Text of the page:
If you suffer from burning, itching, throbbing, tingling, or a “creeping” sensation in your legs that makes it difficult to rest, then you may be one of the roughly 7-10% of Americans who suffer from restless leg syndrome (RLS).
What is restless leg syndrome?
Restless leg syndrome is a condition which causes uncomfortable sensations in the legs (and, in rare instances, the arms or chest). The sensations are described as aching, throbbing, pulling, itching, crawling, or creeping.
The discomfort tends to get worse in the evening and at night when you are trying to rest, which is why people with RLS often have difficulty sleeping (and RLS is sometimes categorized as a sleep disorder).
RLS symptoms are usually eased with movement which leads to pacing, leg twitching, and nighttime tossing and turning (which is why RLS is sometimes categorized as a movement disorder).
What causes RLS?
The exact cause of RLS is unknown. A variety of risk factors have been identified including:
- Genetics (if members of your family have it, you are at higher risk)
- Anemia (if you have too little iron in your blood)
- End stage renal disease and hemodialysis (if you have kidney disease)
- Diabetic neuropathy (if you have nerve damage)
- Pregnancy (especially in the third trimester although relief often occurs soon after delivery)
There are also certain medications that can trigger or aggravate RLS such as:
- antinausea drugs (e.g. prochlorperazine or metoclopramide)
- antipsychotic drugs (e.g. haloperidol or phenothiazine derivatives)
- antidepressants (e.g., fluoxetine or sertraline)
- and some cold and allergy medications (e.g. diphenhydramine)
However, research suggests that there is another potential cause of RLS that is often overlooked: varicose veins.
What are varicose veins?
Varicose veins are blood vessels that have become twisted and enlarged. They tend to bulge out from the skin and may appear bluish or red in color. Although varicose veins can appear anywhere on the body, they most commonly occur on the legs.
Varicose veins are caused by a condition called chronic venous insufficiency (a.k.a. CVI or vein disease). Inside your veins are tiny, one-way valves that keep blood moving toward your heart. When these valves become weak or damaged (either from age or injury) the blood can flow backwards and begin to pool inside the vein. Over time, the pooled blood can lead to swelling of the limb, thickened or discolored skin, and leg wounds.
Chronic venous insufficiency isn’t always visible. Sometimes the affected vein is deeper under the skin and you might not know that it’s there unless a doctor examines your leg(s) with an ultrasound.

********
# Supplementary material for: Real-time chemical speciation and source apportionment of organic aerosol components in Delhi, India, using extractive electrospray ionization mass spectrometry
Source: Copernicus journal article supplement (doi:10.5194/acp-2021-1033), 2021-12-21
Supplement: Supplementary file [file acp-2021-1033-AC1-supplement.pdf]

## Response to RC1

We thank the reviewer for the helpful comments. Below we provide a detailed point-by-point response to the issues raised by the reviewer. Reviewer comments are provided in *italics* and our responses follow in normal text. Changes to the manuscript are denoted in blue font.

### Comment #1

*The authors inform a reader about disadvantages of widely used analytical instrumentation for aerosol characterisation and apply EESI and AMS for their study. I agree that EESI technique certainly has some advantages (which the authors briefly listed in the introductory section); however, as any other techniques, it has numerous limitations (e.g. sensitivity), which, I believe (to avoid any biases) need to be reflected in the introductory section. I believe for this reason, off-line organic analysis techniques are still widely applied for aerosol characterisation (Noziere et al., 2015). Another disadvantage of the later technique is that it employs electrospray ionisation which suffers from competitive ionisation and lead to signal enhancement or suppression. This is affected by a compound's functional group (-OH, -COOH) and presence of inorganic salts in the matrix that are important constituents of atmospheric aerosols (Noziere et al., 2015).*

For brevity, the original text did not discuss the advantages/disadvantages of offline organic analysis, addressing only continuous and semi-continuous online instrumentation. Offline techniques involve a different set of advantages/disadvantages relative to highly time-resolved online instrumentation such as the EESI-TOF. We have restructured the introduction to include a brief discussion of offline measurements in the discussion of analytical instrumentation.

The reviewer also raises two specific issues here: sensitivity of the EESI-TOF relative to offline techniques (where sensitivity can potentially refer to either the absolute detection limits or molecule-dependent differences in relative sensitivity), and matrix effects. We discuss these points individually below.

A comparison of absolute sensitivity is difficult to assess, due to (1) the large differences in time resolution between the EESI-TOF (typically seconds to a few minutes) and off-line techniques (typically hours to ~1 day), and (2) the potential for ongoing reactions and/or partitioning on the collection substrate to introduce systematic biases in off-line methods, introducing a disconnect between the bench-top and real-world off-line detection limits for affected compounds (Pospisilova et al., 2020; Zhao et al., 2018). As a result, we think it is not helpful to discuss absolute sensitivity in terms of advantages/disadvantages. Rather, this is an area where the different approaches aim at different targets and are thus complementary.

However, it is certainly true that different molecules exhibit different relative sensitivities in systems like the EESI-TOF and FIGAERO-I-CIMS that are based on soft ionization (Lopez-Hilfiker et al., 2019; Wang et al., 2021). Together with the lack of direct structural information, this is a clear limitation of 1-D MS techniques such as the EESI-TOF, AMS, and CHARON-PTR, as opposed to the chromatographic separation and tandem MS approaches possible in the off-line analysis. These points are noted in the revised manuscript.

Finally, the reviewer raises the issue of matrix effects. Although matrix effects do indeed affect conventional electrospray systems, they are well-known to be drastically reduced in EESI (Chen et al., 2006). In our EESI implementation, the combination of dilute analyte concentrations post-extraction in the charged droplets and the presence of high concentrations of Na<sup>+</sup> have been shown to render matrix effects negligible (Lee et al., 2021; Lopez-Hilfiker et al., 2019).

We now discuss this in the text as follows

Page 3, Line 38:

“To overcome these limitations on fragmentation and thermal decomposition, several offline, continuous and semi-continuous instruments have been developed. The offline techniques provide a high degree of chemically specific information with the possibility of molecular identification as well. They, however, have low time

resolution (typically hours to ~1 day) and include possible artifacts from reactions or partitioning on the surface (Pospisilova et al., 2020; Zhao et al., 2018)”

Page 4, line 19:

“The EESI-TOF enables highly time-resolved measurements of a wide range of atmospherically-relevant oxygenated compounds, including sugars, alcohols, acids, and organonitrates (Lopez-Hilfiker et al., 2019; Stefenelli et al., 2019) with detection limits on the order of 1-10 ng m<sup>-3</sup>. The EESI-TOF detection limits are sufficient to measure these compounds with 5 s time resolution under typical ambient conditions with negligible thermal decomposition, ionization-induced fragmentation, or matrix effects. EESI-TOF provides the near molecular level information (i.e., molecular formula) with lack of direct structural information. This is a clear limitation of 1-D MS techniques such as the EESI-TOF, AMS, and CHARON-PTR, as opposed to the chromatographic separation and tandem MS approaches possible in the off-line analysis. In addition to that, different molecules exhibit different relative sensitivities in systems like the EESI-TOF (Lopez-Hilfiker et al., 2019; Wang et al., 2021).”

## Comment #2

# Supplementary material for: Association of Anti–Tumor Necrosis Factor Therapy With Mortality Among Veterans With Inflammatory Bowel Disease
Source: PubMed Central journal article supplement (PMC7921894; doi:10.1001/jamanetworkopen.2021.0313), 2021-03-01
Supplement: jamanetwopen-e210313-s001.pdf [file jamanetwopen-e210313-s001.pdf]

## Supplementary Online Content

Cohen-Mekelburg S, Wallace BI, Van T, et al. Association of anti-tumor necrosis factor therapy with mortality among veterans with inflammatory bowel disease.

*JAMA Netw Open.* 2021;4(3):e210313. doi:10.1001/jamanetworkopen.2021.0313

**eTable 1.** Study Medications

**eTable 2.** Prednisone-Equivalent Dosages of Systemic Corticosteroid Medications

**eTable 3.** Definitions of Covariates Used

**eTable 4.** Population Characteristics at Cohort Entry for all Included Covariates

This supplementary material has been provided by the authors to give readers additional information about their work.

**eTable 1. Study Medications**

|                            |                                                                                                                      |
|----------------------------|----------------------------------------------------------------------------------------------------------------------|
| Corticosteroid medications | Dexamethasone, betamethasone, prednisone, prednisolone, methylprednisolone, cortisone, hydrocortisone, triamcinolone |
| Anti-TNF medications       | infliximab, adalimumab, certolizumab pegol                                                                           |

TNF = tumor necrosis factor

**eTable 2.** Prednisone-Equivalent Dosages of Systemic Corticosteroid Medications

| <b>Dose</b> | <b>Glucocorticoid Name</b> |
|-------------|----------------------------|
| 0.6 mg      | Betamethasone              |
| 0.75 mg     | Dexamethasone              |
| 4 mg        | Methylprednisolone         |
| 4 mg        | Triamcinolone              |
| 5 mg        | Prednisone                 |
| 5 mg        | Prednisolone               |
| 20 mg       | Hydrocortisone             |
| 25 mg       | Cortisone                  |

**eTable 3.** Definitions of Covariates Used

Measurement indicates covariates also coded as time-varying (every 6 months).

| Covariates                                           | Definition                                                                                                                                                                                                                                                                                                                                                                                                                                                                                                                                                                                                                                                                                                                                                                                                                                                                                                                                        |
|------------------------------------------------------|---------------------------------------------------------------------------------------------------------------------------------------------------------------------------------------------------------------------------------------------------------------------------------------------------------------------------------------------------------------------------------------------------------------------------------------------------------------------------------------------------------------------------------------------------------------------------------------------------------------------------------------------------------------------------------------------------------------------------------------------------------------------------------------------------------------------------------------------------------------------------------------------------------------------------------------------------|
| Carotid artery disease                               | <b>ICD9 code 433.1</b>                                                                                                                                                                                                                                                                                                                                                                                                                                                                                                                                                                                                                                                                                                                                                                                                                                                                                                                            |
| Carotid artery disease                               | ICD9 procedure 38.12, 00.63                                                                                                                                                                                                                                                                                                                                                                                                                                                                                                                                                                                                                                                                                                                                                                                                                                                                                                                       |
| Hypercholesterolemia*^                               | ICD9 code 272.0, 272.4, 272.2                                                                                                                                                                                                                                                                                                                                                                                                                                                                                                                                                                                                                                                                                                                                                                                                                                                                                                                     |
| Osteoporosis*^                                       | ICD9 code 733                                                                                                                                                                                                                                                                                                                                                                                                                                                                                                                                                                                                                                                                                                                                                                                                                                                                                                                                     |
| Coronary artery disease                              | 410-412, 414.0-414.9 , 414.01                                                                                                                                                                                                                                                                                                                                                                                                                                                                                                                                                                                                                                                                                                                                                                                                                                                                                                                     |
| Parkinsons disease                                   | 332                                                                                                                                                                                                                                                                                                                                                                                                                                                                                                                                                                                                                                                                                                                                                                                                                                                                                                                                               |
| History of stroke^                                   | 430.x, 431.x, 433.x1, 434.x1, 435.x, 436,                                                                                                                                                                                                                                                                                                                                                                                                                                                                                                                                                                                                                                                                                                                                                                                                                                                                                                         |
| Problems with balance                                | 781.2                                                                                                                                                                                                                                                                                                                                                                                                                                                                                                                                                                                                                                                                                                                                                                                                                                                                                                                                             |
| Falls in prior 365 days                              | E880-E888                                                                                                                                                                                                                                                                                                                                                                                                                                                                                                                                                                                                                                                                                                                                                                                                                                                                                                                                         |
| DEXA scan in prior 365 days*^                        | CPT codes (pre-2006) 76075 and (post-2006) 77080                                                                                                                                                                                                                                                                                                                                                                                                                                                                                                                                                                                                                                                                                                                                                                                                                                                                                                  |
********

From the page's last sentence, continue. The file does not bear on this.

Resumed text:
Symptoms of CVI include aching, throbbing, itching, and discomfort in the legs…sound familiar?
The connection between varicose veins and RLS
Due to the similarities in symptoms, researchers have been studying the connection between CVI and RLS for some time.
As far back as the 1940s, Dr. Karl A Ekbom proposed vein disease as a possible cause for restless leg syndrome.
In 1995, researchers studied whether patients seeking varicose vein treatment (a) had RLS, and (b) found relief of their RLS symptoms once their varicose veins were treated. The result was that 22% of patients screened did have RLS, and of those treated, 98% reported relief from their RLS symptoms.
In 2019, another study treated 35 patients with both RLS and CVI for their varicose veins and found an average 63% decrease in RLS symptoms after treatment.
Other studies have consistently had similar findings.
Does this mean varicose veins cause RLS?
In 15-20% of cases, there is a strong correlation between RLS and varicose veins. This is referred to as “secondary RLS.” In these instances, getting treatment for your varicose veins may relieve some or all of your symptoms.
For many others, however, the cause of RLS remains undetermined. This is called “primary RLS” and it is believed to be related to a dysfunction in the part of the brain that controls movement. This form of RLS is frequently treated with a combination of medications and lifestyle changes.
How are varicose veins treated?
The best way to treat varicose veins is to close the diseased vein and allow the blood to be redirected to nearby, healthy veins. This is accomplished with one of several minimally invasive procedures that can be done in a doctor’s office:
These procedures do not require general anesthesia. You will be back up and on your feet the same day and will begin to feel relief from your symptoms anywhere from a few hours to a few weeks later.
Get your RLS questions answered
If you would like to know more about the connection between RLS and varicose veins, please contact DeKalb Vein Center at (404) 501-9377.